In the refectory paintings, as in The Family of Darius before Alexander (1565–1570), Veronese arranged the architecture to run mostly parallel to the picture plane, accentuating the processional character of the composition. The artist's decorative genius was to recognize that dramatic perspectival effects would have been tiresome in a living room or chapel, and that the narrative of the picture could best be absorbed as a colorful diversion. These paintings offer little in the representation of emotion; rather, they illustrate the carefully composed movement of their subjects along a primarily horizontal axis. Most of all they are about the incandescence of light and color. The exaltation of such visual effects may have been a reflection of the artist's personal well-being, for in 1565 Veronese married Elena Badile, the daughter of his first master, and by whom he would eventually have four sons and a daughter.

Also painted between 1565-70 is his Madonna and Child with St. Elizabeth,the Infant St. John the Baptist, and St. Justina in the Timken Museum of Art, San Diego. St. Justina, a patroness of Padua and Venice, is at the right with the Blessed Virgin Mother and the Christ child in the center. In contrast to Italian works of a century earlier the infant is rendered convincingly as an infant. What makes one stop and take notice in this painting is the infant's reaching out to St Justina, since a baby at this age would normally only have eyes for his mother. Completing the work is St. Elizabeth, the cousin of Mary and mother of St. John the Baptist, located on the left. The artist delicately balances the forms of the extended Holy Family and renders them using a superb balance of warm and cool colors.

In 1573 Veronese completed the painting which is now known as the Feast in the House of Levi for the rear wall of the refectory of the Basilica di Santi Giovanni e Paolo. The painting was originally intended as a depiction of the Last Supper, designed to replace a canvas by Titian that had been lost in a fire. It measured more than five metres high and over twelve metres wide, depicted another Venetian celebration and was a culmination of his banquet scenes, which this time included not only the Last Supper, but also German soldiers, comic dwarves, and a variety of animals: in short, the exotica which were standard to his narratives. Even as Veronese's use of color attained greater intensity and luminosity, his attention to narrative, human sentiment, and a more subtle and meaningful physical interplay between his figures became evident.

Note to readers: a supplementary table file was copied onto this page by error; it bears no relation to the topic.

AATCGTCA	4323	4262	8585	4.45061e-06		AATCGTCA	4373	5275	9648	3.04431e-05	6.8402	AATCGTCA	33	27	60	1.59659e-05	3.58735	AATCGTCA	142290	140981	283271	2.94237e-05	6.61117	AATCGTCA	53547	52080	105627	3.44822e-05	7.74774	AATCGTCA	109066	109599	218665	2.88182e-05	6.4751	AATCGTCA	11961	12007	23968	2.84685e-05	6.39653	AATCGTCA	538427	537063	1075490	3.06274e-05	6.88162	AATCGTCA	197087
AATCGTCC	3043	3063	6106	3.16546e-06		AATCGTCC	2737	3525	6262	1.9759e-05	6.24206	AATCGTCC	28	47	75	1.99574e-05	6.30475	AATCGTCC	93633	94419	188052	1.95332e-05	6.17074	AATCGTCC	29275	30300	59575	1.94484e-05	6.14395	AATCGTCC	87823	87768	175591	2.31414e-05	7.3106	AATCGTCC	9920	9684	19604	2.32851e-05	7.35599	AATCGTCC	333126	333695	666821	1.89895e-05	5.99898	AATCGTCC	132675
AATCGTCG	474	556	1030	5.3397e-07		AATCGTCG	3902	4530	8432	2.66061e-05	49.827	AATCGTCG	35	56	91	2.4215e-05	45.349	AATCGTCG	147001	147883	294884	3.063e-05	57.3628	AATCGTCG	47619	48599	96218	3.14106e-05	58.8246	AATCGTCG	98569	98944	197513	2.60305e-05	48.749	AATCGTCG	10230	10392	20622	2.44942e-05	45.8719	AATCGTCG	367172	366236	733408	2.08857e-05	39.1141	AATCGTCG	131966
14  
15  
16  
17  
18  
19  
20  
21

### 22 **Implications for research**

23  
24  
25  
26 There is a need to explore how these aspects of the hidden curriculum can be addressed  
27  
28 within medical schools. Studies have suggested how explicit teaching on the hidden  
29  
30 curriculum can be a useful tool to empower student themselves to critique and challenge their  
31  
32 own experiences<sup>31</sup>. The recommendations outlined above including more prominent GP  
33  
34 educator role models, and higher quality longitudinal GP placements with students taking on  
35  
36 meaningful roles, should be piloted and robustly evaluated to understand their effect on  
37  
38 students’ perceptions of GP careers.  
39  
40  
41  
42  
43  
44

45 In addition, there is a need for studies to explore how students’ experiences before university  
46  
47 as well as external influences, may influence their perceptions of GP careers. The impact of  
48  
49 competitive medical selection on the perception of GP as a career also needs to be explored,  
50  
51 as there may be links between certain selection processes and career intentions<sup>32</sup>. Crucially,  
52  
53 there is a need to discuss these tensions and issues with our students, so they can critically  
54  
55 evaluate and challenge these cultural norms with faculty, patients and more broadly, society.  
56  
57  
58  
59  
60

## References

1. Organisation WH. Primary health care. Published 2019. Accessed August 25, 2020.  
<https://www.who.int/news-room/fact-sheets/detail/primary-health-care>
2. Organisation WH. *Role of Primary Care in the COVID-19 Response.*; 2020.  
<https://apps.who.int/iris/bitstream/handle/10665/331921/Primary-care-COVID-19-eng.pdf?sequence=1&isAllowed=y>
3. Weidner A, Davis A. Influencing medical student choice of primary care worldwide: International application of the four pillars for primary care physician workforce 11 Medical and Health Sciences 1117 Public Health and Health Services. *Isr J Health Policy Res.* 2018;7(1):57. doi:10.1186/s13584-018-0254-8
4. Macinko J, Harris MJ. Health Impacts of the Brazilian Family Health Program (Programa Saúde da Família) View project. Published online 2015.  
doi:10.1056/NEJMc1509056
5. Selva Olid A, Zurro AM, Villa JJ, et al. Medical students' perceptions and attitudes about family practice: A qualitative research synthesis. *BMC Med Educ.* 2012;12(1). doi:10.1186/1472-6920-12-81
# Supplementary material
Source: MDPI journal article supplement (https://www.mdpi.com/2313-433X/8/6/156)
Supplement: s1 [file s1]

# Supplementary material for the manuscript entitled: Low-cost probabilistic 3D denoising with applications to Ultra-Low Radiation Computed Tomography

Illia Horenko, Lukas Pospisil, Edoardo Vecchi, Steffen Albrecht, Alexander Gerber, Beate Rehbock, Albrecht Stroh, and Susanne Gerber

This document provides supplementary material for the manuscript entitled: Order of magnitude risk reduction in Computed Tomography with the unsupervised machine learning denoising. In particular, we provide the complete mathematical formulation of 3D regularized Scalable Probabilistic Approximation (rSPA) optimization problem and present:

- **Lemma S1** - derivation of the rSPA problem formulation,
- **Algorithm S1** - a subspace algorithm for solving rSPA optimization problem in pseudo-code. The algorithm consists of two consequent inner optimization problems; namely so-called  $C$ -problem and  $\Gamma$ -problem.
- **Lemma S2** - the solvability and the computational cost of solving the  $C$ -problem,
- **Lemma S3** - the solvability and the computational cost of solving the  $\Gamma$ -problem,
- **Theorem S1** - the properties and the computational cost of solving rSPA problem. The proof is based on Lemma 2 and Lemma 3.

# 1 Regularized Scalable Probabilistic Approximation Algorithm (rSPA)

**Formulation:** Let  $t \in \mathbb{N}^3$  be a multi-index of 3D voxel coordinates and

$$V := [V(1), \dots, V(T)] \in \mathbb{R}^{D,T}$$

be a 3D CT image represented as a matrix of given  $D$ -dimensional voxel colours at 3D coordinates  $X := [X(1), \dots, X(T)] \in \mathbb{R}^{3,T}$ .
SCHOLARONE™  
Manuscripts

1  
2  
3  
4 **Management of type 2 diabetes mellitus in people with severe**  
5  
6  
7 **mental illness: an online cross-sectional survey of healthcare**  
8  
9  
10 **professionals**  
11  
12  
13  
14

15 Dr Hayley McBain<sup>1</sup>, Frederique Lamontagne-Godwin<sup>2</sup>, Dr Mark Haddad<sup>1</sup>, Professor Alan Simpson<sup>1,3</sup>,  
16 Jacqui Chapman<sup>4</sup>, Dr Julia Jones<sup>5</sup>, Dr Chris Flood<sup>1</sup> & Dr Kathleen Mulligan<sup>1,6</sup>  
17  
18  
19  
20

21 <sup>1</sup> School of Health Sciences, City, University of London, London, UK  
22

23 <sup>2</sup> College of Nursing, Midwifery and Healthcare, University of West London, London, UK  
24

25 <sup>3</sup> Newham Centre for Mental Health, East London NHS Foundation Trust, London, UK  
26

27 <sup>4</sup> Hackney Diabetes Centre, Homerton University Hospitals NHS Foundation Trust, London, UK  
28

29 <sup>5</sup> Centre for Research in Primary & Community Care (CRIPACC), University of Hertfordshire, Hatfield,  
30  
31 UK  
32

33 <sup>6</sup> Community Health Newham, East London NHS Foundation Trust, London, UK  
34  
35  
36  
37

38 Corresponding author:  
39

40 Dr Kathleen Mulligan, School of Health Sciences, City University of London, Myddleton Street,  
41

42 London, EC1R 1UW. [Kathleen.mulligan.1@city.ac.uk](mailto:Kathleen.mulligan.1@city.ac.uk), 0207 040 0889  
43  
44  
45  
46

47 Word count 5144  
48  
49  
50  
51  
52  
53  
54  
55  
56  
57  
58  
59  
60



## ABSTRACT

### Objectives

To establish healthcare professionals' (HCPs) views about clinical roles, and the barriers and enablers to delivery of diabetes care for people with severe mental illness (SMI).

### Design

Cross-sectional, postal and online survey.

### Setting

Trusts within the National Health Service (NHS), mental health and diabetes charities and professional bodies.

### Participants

That the subject was indeed a Last Supper, and then some, was not lost on the Inquisition. A decade earlier the monks who commissioned the Wedding at Cana had requested that the artist squeeze the maximum number of figures into the painting, but the Counter-Reformation had since exerted its influence in Venice, and in July 1573 Veronese was summoned to explain the inclusion of extraneous and indecorous details in the painting.

The tone of the hearing itself was cautionary rather than punitive; Veronese explained that "we painters take the same liberties as poets and madmen", and rather than repaint the picture, he simply and pragmatically retitled it to the less sacramental version by which it is known today.

The controversy surrounding the painting, and its resolution, were echoed in the 1960s Monty Python comedy sketch in which the Pope summoned a fictional Michelangelo to account for his version of the Last Supper featuring a kangaroo, 28 disciples and 3 Christs. In the sketch, the artist optimistically offers to solve the difficulty by retitling his work The Penultimate Supper.

In addition to the ceiling creations and wall paintings, Veronese also produced altarpieces (The Consecration of Saint Nicholas, 1561–2, London's National Gallery), paintings on mythological subjects (Venus and Mars, 1578, New York Metropolitan Museum of Art), and portraits (Portrait of a Lady, 1555, Louvre). A significant number of compositional sketches in pen, ink and wash, figure studies in chalk, and chiaroscuro modelli and ricordi are in circulation. Veronese was one of the first painters whose drawings were sought by collectors during his lifetime.

He headed a family workshop, including his brother Benedetto, sons Carlo and Gabriele that remained active after his death in Venice in 1588. Among his pupils were his contemporary Giovanni Battista Zelotti and later Giovanni Antonio Fasolo, Anselmo Canneri, and Luigi Benfatto (also called dal Friso; 1559–1611).
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Lucretia, Oil On Canvas by Paolo Veronese (1528-1588, Italy)
Lucretia 2 was raped by a prince of Rome, and after confessing her misfortune to her husband and father, stabbed herself to death, despite all their efforts to comfort her.
Paolo Veronese
Oil On Canvas
Oil On Canvas